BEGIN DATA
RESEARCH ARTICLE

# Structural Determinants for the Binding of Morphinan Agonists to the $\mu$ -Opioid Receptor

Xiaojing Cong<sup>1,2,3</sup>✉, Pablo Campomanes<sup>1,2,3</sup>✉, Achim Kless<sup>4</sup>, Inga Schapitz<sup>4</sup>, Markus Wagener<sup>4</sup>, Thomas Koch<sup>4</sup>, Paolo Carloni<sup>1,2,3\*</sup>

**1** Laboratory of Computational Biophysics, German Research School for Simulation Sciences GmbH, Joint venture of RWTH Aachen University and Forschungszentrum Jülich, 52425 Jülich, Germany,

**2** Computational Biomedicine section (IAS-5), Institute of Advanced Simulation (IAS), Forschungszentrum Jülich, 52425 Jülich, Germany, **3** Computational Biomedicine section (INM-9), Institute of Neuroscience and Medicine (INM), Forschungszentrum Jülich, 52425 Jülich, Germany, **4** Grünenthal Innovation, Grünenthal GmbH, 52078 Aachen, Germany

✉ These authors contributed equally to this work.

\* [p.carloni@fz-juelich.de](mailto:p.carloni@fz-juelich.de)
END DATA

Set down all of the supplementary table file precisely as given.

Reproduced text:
RESEARCH ARTICLE

# Structural Determinants for the Binding of Morphinan Agonists to the $\mu$ -Opioid Receptor

Xiaojing Cong<sup>1,2,3</sup>✉, Pablo Campomanes<sup>1,2,3</sup>✉, Achim Kless<sup>4</sup>, Inga Schapitz<sup>4</sup>, Markus Wagener<sup>4</sup>, Thomas Koch<sup>4</sup>, Paolo Carloni<sup>1,2,3\*</sup>

**1** Laboratory of Computational Biophysics, German Research School for Simulation Sciences GmbH, Joint venture of RWTH Aachen University and Forschungszentrum Jülich, 52425 Jülich, Germany,

**2** Computational Biomedicine section (IAS-5), Institute of Advanced Simulation (IAS), Forschungszentrum Jülich, 52425 Jülich, Germany, **3** Computational Biomedicine section (INM-9), Institute of Neuroscience and Medicine (INM), Forschungszentrum Jülich, 52425 Jülich, Germany, **4** Grünenthal Innovation, Grünenthal GmbH, 52078 Aachen, Germany

✉ These authors contributed equally to this work.

\* [p.carloni@fz-juelich.de](mailto:p.carloni@fz-juelich.de)